Rather than creating a proposal that took its physical inspiration from the Lemniscate itself, I decided to look instead into the concept of infinity and how to represent that in a tangible way. My first idea lead me to mirrors, and the possibilities they hold – especially when reflections reflect each other. One way I experimented with this was to create a mirrored cube, and test with objects, lights and angles to discover how the feelings of infinite space could be created.

Mirror Box.jpgI further developed this research by looking into existing installations (both at Burning Man and in the wider world) which used mirrors for different reasons, and analysed what the effect would be on the user/viewer.

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Essentially, the key design consideration for a mirrored installation is the effect of the reflections, which are controlled by the angle of the mirrors to the users. I then looked into creating a design which could use the multiple angles of the reflections of multiple mirrors to create the best sense of infinity. These designs were in the form of geodesic solids as well as a type of Mirror Maze.


Ultimately, however, these basic forms were not creating the type of space or experience that I had envisioned, so I took my research into a more physical direction and focused on creating simpler versions of mirror infinity by simplifying its form crafting a small-scale model out of mosaic mirrors:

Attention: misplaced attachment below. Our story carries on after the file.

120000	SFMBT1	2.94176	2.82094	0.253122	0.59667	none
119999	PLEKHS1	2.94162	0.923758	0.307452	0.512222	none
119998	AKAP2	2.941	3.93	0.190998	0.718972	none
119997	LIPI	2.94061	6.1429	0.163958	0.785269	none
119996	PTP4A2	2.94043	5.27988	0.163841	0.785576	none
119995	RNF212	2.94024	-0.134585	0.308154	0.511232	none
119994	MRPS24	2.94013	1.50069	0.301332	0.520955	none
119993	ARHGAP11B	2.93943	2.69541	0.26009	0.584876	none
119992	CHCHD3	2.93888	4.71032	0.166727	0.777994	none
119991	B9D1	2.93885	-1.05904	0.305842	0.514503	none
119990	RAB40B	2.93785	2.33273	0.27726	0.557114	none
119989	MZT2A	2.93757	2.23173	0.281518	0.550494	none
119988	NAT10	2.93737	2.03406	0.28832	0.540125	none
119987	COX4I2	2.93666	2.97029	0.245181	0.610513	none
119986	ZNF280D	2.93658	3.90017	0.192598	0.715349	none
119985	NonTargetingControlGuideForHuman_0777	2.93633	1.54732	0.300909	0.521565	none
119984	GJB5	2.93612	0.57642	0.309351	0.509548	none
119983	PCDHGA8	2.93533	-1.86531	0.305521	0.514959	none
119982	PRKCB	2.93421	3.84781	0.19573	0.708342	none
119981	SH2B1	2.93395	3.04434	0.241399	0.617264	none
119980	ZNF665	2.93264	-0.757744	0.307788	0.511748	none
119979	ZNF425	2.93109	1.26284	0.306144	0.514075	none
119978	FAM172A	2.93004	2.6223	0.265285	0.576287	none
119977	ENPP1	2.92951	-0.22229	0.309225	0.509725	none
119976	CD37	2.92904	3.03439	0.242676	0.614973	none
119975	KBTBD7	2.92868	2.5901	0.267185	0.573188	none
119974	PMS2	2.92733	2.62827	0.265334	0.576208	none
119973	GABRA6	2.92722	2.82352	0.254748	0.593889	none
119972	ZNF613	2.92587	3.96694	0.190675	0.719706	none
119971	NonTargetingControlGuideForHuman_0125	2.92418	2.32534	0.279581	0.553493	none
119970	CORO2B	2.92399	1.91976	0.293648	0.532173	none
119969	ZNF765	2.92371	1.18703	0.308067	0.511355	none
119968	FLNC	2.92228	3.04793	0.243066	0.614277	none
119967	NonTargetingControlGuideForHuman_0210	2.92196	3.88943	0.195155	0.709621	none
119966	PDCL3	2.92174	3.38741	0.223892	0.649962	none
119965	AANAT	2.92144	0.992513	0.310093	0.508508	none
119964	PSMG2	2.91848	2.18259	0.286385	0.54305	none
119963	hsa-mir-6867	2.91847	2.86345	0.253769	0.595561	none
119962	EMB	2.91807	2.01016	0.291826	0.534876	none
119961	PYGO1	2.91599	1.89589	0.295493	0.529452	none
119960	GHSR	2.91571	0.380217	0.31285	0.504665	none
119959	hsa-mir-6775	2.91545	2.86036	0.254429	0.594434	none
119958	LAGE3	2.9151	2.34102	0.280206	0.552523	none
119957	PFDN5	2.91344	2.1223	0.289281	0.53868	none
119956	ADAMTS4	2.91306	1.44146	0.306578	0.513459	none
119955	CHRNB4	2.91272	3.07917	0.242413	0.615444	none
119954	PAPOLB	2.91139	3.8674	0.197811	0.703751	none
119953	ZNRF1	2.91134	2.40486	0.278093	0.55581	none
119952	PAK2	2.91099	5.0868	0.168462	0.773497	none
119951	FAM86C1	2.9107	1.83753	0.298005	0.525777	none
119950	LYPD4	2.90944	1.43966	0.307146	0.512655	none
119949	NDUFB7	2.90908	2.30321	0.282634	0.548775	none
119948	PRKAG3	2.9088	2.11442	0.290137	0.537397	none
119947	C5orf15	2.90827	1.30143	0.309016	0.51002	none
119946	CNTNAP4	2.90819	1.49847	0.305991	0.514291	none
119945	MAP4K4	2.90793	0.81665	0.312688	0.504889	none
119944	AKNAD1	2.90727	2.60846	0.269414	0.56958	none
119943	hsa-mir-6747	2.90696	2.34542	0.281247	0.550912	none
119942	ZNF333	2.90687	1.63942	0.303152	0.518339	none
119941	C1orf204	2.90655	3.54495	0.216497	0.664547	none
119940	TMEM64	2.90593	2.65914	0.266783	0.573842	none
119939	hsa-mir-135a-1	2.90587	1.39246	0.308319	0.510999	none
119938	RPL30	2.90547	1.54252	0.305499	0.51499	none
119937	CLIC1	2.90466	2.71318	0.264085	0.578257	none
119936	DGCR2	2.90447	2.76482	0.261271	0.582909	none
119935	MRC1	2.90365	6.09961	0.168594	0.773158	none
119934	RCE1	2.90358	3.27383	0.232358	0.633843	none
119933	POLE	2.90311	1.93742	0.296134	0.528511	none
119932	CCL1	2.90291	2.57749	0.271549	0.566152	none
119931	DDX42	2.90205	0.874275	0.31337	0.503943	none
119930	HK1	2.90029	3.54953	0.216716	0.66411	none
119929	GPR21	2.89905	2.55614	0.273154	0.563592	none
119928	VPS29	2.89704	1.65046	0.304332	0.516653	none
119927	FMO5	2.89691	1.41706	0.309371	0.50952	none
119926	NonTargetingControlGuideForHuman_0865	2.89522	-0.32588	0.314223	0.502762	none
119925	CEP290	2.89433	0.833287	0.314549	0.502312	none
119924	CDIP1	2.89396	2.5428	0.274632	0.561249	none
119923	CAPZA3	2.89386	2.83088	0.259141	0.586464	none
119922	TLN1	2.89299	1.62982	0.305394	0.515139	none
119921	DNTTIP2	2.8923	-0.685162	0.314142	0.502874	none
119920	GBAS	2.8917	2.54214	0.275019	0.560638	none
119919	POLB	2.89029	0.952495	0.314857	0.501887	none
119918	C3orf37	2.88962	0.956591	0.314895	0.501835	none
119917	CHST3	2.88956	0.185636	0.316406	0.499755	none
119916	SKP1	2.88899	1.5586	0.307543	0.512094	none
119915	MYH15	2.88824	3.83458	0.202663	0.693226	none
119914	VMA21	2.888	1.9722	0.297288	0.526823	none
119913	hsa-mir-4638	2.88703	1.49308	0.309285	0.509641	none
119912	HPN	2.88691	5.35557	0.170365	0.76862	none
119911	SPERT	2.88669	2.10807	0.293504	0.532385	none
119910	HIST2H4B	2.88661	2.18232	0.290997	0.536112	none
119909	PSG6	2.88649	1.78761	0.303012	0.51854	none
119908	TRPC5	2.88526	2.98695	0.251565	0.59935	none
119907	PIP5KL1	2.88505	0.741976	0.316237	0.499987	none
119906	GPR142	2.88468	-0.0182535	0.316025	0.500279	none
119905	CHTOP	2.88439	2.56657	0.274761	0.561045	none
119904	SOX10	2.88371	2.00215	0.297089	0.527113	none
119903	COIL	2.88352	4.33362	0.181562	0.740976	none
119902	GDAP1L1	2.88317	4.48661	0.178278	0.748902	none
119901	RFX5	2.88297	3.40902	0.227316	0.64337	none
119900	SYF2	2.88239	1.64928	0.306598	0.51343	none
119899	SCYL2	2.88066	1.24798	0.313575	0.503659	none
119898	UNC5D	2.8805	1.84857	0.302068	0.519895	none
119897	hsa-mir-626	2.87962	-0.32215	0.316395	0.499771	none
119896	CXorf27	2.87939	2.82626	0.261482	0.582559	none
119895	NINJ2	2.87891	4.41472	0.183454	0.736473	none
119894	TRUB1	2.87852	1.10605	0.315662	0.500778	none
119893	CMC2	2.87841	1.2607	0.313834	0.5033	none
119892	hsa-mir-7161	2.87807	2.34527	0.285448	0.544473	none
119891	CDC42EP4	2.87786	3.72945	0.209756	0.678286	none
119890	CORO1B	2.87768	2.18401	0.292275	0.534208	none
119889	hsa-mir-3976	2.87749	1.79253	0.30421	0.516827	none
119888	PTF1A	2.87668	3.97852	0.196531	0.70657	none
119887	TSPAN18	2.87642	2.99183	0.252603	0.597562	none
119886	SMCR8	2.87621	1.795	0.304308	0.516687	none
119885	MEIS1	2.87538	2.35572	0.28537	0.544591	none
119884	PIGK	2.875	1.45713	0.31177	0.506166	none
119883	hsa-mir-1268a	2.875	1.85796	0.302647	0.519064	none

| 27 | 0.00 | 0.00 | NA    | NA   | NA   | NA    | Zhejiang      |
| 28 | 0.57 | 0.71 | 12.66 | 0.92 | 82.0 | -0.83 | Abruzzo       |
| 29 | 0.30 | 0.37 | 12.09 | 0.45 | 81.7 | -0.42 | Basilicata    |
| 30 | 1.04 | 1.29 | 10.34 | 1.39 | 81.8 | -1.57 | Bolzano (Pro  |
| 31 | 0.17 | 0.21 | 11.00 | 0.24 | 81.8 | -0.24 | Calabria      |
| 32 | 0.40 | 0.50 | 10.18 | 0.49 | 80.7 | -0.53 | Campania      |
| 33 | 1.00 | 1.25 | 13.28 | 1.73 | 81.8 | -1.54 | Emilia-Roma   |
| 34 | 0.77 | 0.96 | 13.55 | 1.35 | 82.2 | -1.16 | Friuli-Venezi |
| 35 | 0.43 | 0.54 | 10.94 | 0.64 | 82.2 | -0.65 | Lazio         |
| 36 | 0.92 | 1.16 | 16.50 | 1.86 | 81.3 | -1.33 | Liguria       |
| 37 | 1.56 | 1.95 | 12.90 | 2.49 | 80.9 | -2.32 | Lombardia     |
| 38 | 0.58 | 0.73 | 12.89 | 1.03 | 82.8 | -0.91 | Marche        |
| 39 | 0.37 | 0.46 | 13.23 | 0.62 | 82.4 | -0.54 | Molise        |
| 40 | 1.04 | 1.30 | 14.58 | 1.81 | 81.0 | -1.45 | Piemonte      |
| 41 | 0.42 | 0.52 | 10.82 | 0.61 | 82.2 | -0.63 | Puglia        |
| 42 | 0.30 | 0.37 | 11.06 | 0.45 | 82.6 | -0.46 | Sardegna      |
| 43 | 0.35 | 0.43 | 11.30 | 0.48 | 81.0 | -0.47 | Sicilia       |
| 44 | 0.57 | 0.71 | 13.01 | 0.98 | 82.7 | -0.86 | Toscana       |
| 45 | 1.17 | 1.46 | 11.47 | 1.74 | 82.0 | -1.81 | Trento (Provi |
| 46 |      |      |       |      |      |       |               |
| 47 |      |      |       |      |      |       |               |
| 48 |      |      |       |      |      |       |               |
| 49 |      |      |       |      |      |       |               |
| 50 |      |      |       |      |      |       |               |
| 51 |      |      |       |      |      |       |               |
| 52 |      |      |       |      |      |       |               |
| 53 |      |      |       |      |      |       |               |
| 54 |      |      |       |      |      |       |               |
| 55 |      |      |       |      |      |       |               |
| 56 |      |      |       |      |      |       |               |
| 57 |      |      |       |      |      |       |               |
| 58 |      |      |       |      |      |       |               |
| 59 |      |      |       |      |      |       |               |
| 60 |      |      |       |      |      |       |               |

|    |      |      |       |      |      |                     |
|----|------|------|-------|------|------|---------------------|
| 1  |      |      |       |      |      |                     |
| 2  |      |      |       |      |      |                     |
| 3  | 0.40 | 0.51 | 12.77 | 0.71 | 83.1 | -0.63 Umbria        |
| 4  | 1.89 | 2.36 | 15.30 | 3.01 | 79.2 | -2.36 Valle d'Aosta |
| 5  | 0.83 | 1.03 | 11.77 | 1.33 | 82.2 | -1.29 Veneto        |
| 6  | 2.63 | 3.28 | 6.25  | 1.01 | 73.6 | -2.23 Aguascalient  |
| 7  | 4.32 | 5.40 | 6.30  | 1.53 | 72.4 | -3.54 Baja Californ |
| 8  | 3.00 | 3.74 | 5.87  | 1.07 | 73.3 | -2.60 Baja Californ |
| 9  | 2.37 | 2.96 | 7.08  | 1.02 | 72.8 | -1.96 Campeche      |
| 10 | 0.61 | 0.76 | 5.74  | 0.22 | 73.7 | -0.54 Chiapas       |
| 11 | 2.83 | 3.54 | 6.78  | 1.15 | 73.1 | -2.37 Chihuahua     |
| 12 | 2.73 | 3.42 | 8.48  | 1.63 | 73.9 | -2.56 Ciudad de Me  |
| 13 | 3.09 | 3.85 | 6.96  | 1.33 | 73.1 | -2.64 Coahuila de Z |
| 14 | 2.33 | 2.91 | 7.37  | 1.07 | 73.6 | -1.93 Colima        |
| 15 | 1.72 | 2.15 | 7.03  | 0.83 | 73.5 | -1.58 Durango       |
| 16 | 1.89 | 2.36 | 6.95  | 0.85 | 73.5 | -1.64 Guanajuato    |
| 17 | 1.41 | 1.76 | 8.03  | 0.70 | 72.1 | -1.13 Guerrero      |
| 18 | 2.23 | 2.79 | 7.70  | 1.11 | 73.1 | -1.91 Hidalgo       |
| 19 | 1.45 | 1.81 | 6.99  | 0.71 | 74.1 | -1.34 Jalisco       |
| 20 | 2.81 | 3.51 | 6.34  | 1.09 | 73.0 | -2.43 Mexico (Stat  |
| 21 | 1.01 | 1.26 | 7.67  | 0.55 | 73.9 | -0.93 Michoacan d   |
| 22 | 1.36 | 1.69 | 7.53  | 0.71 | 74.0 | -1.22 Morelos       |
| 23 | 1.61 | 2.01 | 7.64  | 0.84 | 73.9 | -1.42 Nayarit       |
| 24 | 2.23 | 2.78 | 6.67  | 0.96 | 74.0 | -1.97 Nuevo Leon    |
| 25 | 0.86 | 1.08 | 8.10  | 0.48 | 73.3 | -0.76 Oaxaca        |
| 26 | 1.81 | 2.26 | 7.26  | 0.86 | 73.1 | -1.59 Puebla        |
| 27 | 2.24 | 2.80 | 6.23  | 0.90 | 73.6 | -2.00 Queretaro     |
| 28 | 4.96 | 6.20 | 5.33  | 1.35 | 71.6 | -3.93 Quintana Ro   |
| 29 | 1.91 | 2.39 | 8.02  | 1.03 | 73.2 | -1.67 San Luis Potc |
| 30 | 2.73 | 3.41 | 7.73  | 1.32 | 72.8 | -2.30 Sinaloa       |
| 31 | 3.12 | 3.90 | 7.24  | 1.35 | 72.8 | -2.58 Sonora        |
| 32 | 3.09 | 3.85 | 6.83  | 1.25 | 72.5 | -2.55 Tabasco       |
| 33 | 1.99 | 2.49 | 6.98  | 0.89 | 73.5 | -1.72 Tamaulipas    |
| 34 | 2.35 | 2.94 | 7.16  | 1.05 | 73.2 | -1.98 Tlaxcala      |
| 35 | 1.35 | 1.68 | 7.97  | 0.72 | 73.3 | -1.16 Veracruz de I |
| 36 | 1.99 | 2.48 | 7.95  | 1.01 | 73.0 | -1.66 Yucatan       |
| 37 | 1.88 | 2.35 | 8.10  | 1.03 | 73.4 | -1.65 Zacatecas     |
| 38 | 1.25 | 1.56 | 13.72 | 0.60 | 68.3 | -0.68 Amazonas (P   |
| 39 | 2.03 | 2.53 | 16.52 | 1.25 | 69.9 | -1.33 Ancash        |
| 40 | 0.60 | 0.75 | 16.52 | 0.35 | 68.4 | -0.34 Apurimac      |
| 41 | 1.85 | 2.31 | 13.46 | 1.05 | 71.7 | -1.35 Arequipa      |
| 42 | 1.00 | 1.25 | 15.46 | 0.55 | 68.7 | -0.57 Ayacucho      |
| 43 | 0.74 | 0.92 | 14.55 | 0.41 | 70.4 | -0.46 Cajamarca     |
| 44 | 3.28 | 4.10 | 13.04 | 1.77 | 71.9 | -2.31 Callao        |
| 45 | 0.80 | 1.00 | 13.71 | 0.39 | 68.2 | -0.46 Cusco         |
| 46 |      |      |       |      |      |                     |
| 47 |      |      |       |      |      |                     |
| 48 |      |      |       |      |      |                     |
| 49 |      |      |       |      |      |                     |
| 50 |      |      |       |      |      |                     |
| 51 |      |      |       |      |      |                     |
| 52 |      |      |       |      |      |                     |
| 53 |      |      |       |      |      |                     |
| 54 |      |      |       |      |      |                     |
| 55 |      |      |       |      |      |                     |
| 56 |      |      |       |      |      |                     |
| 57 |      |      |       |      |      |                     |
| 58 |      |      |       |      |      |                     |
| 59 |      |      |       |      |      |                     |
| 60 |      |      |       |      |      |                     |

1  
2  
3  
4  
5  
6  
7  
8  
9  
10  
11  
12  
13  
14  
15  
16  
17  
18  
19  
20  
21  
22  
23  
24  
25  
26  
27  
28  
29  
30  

Rhino Modelijpersp


Day Rendermirror cube 2.jpg

Test Model

On creating this model, it became clear that there could be a more abstract way of approaching creating infinity using mirrors, as the effect that the model had was not dissimilar to that of a Disco or Mirror Ball.

Form Development

My initial idea was for a smashed disco ball which I looked into by digitally smashing a disco ball in Rhino. This was done my manually exploding a mirror ball type form and pulling pieces away from the main mass, to mimic physical destruction.



Night and Day Renders



Fragmenting this tiled sphere inspired me to look into manipulating its form in different ways and I came across an art installation of ‘Melted’ Disco Balls. Given the hot temperatures of Burning Man Festival I thought this seemed an appropriate way to deform an otherwise standard object.

Installation by ROTGANZEN in collaboration with Zara


Sunset RenderRender 04.12 1.jpg

An initial model designed to test a basic structural form and mirror tile arrangements/fixings onto it. At this point it was decided that acrylic mirrored tiles would be necessary due to the significant weight of glass mirrors and would also require a secondary structure to span the lengths between primary structural supports.